Listening is a skill most of us would notice dramatic benefits from improving. A great starting place is to pay attention to your own listening styles; in other words start listening to yourself.

Good listening is about emotional connectivity. If you wish to improve your listening – challenge your intent. Are you seeking to genuinely understand another person’s perspective, or are you simply going through the motions? That is really what these five styles represent.


In essence, you are not really listening at all. You have no intention of listening to what the other person is saying. At the extreme end of the scale, you might literally break eye contact, and even turn your back on the speaker. More commonly, you have switched off and are most likely thinking about how you can interrupt to disagree and get your own point across.


You are still not really listening to the speaker, however you at least are trying not to show that. Possibly you are trying to avoid hurting their feelings. You will be deliberately nodding and making the occasional noise to suggest you are interested in what the other person is saying.

In my more cynical moments, I think people in business have had some exposure to listening training, but have not changed their intention and as a result have got much better at pretending to listen.


This is listening only for what you want to hear. People are really good at this – often without realising that this is what they are doing. We listen for a trigger word or phrase that is an opening to stress our own views – we listen for mistakes or flaws in an argument or we listen for something that supports our view.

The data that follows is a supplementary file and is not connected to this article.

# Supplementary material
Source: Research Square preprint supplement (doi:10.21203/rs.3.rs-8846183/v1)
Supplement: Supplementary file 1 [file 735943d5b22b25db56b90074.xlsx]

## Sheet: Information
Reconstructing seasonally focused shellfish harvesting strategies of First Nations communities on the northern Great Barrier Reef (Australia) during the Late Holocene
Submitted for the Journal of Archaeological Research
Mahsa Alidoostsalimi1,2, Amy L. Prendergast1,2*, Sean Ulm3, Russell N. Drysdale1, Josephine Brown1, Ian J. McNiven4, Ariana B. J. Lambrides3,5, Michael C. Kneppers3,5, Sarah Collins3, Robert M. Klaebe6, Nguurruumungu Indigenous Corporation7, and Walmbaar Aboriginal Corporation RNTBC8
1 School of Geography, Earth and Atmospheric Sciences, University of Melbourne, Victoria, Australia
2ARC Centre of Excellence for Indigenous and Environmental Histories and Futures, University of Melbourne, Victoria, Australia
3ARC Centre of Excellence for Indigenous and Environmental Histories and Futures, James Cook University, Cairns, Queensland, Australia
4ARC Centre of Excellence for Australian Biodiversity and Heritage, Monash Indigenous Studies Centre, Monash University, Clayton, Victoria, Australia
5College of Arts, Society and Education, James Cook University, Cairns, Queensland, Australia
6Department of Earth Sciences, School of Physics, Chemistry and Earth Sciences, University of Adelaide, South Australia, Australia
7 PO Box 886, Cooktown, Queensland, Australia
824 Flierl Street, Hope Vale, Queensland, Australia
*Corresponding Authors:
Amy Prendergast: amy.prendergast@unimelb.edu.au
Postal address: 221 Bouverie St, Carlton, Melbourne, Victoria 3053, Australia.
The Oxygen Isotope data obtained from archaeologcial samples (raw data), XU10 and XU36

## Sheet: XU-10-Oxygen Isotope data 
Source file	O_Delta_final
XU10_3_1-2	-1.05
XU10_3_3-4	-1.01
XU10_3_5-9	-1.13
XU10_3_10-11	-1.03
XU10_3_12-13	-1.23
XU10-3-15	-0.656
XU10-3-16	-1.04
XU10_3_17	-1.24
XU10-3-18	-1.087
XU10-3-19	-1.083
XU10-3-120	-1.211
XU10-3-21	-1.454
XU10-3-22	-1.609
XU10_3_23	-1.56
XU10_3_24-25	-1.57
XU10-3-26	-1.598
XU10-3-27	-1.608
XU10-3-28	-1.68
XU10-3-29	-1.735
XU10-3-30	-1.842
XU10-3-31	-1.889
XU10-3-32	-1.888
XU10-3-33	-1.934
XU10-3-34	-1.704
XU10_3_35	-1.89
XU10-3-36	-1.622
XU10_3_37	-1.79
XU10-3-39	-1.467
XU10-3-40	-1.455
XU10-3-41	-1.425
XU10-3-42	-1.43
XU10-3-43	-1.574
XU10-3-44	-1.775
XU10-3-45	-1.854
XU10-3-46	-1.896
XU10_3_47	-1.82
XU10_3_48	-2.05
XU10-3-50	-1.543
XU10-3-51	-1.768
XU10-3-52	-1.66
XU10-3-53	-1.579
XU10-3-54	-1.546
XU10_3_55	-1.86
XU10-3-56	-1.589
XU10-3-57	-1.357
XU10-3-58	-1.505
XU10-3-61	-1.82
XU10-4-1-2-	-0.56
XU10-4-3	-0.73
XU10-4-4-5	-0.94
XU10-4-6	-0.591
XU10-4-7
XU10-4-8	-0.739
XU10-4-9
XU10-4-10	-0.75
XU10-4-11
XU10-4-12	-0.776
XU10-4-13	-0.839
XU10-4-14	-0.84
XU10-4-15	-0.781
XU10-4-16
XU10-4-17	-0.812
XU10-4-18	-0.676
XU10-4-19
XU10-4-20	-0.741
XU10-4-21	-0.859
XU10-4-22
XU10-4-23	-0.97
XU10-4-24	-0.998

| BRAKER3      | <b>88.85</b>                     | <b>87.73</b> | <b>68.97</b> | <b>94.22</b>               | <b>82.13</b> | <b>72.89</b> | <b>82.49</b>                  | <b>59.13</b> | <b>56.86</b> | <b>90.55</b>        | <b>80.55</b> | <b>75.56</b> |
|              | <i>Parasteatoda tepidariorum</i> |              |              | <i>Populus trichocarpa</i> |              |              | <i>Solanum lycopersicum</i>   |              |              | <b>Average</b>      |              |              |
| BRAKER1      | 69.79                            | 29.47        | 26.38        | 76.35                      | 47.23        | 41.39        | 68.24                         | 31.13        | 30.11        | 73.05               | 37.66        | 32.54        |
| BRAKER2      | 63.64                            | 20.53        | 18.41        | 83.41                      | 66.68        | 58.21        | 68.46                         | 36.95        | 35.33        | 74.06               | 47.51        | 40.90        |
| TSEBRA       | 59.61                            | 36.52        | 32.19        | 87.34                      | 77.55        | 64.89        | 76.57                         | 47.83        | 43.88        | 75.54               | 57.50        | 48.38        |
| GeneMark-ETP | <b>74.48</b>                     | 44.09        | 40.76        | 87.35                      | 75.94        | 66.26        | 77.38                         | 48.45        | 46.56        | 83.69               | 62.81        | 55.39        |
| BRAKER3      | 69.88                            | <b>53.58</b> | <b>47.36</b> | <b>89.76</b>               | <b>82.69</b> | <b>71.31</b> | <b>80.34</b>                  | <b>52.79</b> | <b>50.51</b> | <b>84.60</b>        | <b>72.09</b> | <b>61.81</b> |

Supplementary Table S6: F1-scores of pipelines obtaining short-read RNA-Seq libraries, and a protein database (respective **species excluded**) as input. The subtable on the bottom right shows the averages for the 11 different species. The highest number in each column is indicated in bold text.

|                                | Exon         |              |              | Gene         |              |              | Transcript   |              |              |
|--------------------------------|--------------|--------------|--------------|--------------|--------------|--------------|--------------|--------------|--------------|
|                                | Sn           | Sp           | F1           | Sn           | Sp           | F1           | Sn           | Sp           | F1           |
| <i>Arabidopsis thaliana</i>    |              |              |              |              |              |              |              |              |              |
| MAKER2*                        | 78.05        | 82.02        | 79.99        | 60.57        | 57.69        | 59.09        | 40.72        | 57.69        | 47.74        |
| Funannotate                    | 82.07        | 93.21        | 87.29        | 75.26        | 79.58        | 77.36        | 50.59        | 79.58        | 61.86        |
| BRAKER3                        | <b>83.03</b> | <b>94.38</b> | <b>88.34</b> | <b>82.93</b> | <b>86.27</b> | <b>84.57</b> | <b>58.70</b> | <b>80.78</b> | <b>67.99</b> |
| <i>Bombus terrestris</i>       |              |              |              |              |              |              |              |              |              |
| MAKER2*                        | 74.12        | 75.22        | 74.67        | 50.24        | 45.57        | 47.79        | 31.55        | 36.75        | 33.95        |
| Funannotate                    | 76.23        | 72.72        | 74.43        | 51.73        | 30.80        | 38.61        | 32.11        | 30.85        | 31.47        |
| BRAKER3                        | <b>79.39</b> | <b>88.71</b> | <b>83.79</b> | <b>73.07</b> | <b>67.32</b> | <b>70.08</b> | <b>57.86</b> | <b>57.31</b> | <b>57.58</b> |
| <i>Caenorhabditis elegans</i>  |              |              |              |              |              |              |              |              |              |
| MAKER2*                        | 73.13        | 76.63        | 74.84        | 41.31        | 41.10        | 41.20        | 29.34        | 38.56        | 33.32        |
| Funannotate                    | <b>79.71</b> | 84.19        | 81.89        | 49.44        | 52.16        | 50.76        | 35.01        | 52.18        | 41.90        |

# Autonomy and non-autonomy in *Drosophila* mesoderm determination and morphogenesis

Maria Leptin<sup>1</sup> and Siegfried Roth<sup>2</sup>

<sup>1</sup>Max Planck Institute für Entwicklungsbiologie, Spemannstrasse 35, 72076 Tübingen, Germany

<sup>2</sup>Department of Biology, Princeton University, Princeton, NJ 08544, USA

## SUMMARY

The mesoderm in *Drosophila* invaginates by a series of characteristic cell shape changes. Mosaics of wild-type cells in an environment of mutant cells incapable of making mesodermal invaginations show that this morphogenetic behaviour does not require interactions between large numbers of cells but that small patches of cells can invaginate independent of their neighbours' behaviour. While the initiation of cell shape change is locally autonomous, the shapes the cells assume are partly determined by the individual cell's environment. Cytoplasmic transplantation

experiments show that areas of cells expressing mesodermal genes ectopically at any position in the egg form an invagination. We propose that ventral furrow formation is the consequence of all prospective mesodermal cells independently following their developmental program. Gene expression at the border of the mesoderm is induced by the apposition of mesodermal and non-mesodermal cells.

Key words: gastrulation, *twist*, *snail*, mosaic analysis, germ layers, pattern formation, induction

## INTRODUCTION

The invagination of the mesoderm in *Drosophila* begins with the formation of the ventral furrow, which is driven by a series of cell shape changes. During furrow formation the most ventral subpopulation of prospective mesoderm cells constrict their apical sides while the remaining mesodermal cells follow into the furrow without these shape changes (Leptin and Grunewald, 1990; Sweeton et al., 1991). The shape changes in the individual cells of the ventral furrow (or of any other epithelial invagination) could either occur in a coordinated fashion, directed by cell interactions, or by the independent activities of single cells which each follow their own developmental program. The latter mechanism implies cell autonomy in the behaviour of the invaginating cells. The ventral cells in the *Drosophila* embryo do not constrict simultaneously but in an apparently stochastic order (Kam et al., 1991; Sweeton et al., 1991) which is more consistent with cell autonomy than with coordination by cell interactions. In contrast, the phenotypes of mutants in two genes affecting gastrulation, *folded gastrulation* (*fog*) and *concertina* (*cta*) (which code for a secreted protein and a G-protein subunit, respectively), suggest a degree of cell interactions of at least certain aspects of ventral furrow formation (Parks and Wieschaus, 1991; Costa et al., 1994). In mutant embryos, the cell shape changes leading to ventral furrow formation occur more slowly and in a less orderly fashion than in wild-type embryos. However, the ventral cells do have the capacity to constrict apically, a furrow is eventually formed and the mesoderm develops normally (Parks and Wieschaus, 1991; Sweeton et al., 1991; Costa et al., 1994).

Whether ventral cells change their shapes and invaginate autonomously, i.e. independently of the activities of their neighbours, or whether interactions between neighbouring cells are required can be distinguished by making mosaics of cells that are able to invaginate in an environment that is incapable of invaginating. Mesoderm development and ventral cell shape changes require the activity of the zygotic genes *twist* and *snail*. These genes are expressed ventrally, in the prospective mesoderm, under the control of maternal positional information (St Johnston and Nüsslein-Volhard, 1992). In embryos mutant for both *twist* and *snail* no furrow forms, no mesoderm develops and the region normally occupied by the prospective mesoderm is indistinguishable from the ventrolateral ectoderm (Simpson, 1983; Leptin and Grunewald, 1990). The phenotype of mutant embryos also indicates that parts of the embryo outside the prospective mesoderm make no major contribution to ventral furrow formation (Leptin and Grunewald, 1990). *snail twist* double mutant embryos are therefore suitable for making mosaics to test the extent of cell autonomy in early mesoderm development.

Possibly more frightening is our ability to pre-programme our listening. We often second guess what we think someone is going to say; what we believe their intention is and anything that supports our view leaps out at us in the conversation.


Finally we are starting to actually pay attention to what the other person is saying. We are noticing the content in much more detail; the words someone is using, the way they are saying them, where the emphasis is placed, the speed and tone of speech.

We may be nodding and grunting to show we are listening, but we will also repeat key messages we are hearing to check our understanding and demonstrate that we are really paying attention to what is being said.


Your intention is to totally understand what the other person is trying to communicate. You are suspending your own judgement and simply seeking information. You will ask questions to understand and clarify what you are hearing. You will not leap to conclusions about the first thing you hear, but ask probing questions to establish the speaker’s perspective. You will have reached the point where you recognise that this is about the speaker, not about you.

Sadly, most of us are not used to being listened to. In both our professional and personal relationships our most common daily experiences lie in the first three listening styles. If you doubt this, you are either very lucky in your relationships, or would benefit from some evidence to support my assertion. In my experience, when you start listening at an attentive and empathetic level, that evidence will become obvious. When you start really listening to people the response you get is frequently amazing.

Stephen R Covey probably puts this best when he says “If you really seek to understand, without hypocrisy and without guile, there will be times when you will be literally stunned with the pure knowledge and understanding that will flow to you from another human being”.

Prefer to watch a video about listening styles - click here